Dear Readers, this is a rather interesting tale, and I am still not sure what the moral of the story is, so I will leave it to you to decide.
Back in 2012, PhD student Michael Skarvla was shopping in his local Walmart in Arkansas when he saw a gigantic insect sitting on the wall outside the entrance, minding its own business. So, as entomologists do, he picked it up, held it in his hand while he did his grocery shopping and took it home. At this point he thought it was an antlion, a fairly common insect, and so he killed it, preserved it and stuck it into his insect collection.
For those of you who would rather see your insects alive, I agree. There are arguments for specimen collecting (for one thing, it’s often the only way to tell different species apart, and often if you want to preserve a habitat, you have to know and be able to prove what’s living there). Whether this applies to the entrance to Arkansas Walmart, I’ll leave you to judge.
Fast forward to 2020, and Skarvla is teaching a course on insect identification by Zoom. He pulls out this insect and starts to explain that it’s an antlion, before falling silent in front of his students. He realises that what he’s looking at is in fact a much rarer insect – a giant lacewing (Polystoechotes punctata). You might be familiar with the green lacewing that sometimes pops up inside the house on a summer’s night, but this is a much bigger critter, with a wingspan of up to 6.5 cm.
Giant lacewings had suddenly disappeared from the east coast of North America – one hadn’t been seen for more than 50 years, until Skarvla discovered his specimen. He suggests that there is a small population of the insects in the nearby Ozark mountains, and maybe in a number of other places, although whether they’re still there, eleven years after the Walmart specimen was found, is anyone’s guess. The reasons for their sudden decline are unknown, but it’s been suggested that light pollution, urban development and invasive species might all have played a part.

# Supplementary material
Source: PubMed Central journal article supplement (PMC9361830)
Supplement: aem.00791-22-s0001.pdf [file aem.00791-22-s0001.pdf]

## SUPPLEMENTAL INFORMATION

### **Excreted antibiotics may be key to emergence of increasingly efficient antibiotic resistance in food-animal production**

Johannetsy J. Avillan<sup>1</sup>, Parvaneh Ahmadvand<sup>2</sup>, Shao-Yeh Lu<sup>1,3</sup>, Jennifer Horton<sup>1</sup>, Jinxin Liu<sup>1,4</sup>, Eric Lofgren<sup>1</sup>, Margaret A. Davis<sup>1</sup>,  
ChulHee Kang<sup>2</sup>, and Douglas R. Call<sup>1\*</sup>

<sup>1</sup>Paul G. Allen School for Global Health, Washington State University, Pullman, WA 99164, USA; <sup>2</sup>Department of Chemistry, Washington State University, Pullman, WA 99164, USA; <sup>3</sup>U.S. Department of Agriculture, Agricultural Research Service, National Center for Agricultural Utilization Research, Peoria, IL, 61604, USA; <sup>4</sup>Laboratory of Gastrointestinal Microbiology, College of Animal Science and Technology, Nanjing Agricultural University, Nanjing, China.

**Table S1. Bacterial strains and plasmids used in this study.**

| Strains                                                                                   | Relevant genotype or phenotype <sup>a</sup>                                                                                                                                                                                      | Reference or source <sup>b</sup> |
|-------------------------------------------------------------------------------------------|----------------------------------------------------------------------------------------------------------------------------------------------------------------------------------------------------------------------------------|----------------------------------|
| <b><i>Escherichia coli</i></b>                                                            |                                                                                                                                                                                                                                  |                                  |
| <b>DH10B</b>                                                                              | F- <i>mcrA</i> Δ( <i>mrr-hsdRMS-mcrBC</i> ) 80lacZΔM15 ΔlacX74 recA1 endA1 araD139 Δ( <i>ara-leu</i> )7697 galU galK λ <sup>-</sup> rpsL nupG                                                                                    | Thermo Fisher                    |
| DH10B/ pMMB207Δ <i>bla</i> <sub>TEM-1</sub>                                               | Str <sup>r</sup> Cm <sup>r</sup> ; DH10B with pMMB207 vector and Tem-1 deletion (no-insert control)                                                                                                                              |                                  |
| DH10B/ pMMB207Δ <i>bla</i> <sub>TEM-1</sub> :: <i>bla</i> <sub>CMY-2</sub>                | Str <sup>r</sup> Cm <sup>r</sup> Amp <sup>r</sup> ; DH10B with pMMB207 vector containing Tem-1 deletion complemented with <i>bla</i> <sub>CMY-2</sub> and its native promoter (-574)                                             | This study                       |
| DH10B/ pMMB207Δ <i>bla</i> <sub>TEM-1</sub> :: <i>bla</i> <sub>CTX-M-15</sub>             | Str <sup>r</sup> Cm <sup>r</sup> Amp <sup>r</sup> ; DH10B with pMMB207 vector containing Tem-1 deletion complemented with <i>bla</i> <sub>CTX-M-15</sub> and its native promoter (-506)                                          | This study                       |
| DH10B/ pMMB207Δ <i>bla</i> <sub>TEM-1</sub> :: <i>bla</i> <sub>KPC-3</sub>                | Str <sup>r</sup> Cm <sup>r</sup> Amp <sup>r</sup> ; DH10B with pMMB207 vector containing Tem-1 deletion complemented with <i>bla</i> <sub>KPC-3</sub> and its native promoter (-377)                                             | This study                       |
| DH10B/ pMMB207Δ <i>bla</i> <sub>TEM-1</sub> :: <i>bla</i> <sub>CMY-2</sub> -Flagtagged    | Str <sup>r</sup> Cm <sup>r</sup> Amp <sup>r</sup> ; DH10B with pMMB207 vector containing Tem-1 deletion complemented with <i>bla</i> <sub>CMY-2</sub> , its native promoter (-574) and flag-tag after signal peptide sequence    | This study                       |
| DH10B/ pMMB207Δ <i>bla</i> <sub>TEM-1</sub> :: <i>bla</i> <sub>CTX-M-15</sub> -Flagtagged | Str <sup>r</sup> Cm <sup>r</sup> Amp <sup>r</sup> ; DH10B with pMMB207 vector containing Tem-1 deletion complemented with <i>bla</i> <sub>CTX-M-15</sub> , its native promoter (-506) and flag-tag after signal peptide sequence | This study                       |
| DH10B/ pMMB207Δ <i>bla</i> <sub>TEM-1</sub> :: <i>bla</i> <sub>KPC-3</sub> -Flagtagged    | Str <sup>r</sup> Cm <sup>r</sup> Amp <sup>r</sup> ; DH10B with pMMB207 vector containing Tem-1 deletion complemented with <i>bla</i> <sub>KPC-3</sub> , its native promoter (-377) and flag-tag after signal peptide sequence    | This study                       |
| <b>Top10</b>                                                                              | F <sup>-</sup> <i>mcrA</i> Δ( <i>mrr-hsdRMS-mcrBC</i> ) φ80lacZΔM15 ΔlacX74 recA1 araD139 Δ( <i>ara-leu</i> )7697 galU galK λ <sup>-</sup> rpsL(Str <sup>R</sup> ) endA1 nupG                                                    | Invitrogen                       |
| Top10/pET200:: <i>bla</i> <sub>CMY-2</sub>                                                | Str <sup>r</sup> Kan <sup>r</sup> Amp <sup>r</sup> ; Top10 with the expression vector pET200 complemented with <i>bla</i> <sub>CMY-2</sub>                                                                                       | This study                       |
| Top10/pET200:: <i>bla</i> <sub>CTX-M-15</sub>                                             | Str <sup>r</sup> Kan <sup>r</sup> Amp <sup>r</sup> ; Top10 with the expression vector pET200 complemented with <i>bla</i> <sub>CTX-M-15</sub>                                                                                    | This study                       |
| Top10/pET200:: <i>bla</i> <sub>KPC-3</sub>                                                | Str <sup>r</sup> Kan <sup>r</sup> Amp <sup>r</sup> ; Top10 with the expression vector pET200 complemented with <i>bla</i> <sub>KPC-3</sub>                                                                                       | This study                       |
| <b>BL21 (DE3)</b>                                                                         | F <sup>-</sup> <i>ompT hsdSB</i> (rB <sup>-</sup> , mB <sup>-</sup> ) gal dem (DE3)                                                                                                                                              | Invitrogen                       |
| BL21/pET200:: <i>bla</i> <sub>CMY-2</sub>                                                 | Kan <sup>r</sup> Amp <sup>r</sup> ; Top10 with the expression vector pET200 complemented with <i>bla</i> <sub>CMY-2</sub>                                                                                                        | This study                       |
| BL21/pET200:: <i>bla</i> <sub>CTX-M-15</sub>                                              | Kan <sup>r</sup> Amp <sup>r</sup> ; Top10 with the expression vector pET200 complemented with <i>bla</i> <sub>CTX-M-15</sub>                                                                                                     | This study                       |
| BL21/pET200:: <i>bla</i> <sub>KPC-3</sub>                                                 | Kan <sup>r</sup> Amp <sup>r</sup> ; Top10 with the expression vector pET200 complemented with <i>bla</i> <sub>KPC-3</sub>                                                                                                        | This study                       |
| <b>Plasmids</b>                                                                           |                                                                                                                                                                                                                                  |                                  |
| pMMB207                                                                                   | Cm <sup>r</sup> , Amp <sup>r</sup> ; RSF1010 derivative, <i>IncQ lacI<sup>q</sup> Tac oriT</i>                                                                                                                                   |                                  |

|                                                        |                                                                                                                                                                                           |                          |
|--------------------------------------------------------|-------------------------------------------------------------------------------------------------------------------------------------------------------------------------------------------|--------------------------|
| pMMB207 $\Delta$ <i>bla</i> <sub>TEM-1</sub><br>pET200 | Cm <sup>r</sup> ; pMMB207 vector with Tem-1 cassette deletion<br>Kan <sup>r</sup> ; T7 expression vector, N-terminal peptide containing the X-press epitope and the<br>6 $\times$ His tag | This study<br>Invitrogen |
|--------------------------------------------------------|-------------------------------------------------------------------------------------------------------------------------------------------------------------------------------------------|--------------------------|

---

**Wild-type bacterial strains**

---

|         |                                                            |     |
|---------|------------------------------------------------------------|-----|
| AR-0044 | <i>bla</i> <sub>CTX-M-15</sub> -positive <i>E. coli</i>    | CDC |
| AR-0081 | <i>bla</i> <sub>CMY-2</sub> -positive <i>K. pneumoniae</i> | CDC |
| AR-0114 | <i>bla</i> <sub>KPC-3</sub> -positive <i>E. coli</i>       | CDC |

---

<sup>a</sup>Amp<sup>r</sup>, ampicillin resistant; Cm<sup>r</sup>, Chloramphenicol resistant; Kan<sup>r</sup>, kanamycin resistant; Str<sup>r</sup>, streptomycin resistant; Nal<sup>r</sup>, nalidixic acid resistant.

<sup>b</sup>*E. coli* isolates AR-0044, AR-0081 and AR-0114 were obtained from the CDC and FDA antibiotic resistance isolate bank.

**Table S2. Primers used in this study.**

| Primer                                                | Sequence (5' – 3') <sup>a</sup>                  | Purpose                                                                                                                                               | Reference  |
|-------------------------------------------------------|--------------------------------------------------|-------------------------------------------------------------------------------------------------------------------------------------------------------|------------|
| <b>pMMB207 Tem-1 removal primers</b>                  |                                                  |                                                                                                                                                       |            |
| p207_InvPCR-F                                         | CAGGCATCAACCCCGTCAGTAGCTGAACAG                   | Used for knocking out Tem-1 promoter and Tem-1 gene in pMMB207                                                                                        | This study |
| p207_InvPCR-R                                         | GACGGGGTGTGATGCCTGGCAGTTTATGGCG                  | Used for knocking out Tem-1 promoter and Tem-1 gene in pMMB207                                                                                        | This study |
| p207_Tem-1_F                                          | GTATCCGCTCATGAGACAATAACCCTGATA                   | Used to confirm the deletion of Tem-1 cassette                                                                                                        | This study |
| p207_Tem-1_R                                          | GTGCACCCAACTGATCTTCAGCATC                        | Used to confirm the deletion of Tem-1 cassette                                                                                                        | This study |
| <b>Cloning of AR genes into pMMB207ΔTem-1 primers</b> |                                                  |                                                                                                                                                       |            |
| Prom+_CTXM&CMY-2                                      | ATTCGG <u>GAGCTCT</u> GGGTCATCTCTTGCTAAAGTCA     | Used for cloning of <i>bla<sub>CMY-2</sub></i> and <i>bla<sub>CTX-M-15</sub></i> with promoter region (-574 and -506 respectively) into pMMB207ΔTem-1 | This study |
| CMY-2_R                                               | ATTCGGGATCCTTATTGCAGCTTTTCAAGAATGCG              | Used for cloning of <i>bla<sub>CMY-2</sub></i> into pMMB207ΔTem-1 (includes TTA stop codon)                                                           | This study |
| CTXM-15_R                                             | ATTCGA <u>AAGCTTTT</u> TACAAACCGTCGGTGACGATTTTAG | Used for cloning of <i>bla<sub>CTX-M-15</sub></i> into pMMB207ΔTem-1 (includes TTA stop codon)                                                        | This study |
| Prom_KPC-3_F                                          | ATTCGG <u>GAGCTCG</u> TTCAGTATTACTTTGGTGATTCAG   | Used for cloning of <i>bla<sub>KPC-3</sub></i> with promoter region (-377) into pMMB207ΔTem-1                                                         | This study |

The species first arose way back in the Jurassic, and is part of a group known as the Neuroptera, or net-winged insects. They are all carnivorous, with the larvae being exceptionally voracious with enormous prey-sucking jaws.
And so, this is how science proceeds – a chance discovery outside a suburban supermarket leads to the realisation that an insect that it was thought had been extinct in the area for over 50 years turns out to have been around all along. It just goes to show how much there is to discover in the seemingly unpromising habitats in our towns and cities. There is still so very much that we don’t know.
You can read the whole New Scientist article here.
An interesting tale indeed! The moral? Never mind the ethics of killing the poor creature and sticking a pin into it – I think what we learn from this is that we often tend to see what we expect / want to see. The wonder of the story is that there was a point at which this fellow ‘actually saw’ what had been under his nose all along!
I’ve never been a fan of killing beautiful insects and sticking pins in them. I capture butterflies on my phone camera ( the best way to catch them!) Green lacewings have the most beautiful eyes and do a useful job in the garden.